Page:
Wonderfully shimmering and uplifting music. Jangley pop may not be hip anymore...but if word gets out about California's Watashi Wa, the entire genre could see a major resurgence in the years ahead. The Love of Life is the band's third full-length album and their first on the Tooth and Nail label. Fans of pure pop are certain to flip over this one. These four guys don't dabble in noise or experimental crap. Instead, their focus is on writing and recording slick pop with superb melodies...using an ultra-direct approach. This style might not work for every band...but when the material is this good...everything just CLICKS. Love of Life contains twelve "oughta-be-hits"...and each and every one rings true. For many bands, this little sucker would be a "best of" collection (!). Pure feelgood cuts include "All of Me," "With Love From Me to You," "Her Dress," and "Life is Beautiful." Great stuff. (Rating: 5+)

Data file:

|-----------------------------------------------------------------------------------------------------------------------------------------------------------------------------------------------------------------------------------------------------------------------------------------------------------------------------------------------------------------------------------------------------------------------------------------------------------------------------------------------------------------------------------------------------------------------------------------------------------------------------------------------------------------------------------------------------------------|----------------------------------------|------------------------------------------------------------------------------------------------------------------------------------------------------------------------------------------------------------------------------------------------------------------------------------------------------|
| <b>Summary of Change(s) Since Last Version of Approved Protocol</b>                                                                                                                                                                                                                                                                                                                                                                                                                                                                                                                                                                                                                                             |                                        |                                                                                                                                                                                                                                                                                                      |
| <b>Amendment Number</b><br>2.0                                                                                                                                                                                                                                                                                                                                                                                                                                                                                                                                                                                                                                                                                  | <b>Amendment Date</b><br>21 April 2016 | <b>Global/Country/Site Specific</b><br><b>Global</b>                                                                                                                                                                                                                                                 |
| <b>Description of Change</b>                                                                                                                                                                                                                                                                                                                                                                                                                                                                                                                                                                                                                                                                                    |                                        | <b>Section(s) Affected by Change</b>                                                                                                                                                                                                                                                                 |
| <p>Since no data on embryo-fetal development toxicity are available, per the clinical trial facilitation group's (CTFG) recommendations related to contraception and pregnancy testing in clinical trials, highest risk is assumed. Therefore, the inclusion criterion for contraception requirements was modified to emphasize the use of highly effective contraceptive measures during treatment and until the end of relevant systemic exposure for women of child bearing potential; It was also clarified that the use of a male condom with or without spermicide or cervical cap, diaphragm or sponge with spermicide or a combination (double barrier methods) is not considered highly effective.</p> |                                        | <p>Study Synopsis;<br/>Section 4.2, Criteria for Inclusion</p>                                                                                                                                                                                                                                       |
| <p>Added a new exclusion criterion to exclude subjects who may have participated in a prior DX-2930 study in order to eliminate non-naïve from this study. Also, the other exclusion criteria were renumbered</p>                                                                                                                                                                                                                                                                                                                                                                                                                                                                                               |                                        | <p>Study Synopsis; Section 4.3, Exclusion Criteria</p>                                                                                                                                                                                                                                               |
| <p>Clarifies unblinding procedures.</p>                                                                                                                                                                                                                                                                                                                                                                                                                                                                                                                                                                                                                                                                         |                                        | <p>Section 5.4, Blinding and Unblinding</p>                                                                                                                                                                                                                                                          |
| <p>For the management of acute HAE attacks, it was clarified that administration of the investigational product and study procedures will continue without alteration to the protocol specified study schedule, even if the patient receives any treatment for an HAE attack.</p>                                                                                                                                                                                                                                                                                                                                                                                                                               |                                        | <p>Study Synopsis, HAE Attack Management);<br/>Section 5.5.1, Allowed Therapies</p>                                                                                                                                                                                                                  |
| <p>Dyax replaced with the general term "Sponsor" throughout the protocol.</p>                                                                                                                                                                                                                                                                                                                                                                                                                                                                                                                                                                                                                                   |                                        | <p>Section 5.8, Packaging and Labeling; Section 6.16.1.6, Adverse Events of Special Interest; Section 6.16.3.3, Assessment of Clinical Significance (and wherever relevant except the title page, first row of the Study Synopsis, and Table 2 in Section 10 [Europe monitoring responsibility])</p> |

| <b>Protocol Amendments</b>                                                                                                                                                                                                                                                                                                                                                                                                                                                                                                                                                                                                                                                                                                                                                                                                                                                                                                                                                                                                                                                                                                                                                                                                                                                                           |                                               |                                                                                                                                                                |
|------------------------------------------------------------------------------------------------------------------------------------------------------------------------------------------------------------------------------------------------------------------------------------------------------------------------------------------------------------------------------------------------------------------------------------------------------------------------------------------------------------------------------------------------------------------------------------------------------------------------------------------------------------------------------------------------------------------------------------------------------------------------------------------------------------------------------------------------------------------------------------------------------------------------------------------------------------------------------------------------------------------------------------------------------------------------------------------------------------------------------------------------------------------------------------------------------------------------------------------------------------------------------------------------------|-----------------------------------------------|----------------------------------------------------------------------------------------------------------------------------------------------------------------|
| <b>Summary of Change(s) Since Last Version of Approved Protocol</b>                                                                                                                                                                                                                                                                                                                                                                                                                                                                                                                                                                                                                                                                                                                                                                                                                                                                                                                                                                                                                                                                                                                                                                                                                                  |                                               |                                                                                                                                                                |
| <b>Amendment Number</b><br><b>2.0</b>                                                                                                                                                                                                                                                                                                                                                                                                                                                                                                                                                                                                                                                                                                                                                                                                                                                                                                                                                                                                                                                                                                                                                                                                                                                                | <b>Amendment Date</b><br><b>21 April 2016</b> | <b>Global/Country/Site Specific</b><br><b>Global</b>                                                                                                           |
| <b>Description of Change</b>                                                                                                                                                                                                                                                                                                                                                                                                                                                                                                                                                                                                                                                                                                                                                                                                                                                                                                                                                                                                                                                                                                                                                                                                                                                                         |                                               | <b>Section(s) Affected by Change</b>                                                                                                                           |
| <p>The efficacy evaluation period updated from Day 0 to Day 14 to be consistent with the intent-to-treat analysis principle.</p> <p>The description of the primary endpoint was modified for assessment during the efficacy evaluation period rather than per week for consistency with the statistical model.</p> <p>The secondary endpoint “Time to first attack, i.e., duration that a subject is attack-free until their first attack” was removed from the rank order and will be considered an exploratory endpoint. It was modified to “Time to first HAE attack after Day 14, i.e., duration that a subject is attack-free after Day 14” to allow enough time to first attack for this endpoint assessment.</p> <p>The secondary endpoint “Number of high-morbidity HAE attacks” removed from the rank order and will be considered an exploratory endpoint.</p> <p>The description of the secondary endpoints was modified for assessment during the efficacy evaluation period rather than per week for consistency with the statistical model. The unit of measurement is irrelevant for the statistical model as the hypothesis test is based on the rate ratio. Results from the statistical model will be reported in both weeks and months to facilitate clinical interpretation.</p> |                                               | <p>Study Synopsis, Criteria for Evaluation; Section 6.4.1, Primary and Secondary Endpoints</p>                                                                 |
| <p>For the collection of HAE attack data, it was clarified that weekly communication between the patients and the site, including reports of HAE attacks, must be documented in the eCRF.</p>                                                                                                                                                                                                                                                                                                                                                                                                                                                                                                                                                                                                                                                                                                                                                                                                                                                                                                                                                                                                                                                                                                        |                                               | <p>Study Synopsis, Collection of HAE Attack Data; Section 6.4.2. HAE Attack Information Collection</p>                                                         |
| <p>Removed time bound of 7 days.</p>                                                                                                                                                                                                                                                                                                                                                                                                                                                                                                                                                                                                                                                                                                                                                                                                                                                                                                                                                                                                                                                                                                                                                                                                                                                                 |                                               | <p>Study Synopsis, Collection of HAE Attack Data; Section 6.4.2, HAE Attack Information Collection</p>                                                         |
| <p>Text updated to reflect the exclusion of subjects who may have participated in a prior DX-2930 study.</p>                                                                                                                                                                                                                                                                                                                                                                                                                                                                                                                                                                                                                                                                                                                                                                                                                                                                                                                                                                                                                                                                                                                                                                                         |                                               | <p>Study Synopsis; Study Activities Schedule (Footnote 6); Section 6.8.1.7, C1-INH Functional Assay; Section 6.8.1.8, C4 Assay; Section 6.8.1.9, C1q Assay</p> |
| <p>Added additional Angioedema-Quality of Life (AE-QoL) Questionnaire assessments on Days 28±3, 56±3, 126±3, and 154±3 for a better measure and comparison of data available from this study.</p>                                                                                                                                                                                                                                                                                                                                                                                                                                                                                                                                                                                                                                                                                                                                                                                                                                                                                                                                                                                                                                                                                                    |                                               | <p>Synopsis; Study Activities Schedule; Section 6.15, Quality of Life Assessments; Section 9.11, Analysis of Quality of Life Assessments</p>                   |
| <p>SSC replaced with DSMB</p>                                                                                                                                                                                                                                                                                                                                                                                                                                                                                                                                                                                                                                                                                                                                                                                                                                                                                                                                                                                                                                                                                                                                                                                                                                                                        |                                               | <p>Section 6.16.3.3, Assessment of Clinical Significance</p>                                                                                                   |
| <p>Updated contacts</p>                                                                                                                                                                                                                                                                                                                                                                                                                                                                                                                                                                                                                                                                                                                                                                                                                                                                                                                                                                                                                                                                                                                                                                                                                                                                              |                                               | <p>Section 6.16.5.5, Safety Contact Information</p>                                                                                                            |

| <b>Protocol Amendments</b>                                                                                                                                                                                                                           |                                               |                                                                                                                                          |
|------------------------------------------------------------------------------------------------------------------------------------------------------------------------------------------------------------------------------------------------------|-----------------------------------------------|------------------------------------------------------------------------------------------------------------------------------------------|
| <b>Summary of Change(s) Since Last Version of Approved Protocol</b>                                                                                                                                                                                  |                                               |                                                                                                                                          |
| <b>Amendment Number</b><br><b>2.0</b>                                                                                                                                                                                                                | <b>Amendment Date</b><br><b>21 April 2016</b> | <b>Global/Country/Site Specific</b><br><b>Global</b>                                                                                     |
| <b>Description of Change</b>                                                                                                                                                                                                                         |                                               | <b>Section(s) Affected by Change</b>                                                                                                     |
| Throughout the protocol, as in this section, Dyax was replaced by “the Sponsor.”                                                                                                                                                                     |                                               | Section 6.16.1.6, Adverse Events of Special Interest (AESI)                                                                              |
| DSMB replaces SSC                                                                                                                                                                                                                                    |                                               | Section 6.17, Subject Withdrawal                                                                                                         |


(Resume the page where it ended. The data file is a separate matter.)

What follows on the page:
Denison Witmer - Recovered (CD, Fugitive Recordings, Pop)
Recovered is an intriguing album consisting of covers of appropriate and well-chosen tunes. Instead of picking obvious hits to cover...Denison Witmer instead picks lesser known...and in most cases more credible...tunes by well-known artists. The album begins with an astounding cover of Graham Nash's "Simple Man"...which not only does the song justice...but is also injected with enough original ideas to make it sound new again. Witmer then proceeds to present nine more tunes, infusing them with his own unique sound and vision. Particular standouts include a strangely easy remake of Big Star's "Nightime" and a sparse and atmospheric rendition of Carole King's "So Far Away." Cover albums are usually dull and uninteresting...but this album is an exception to the rule. In paying tribute to some of his favorite artists...Witmer proves himself to be a thoughtful and gifted new artist. (Rating: 5)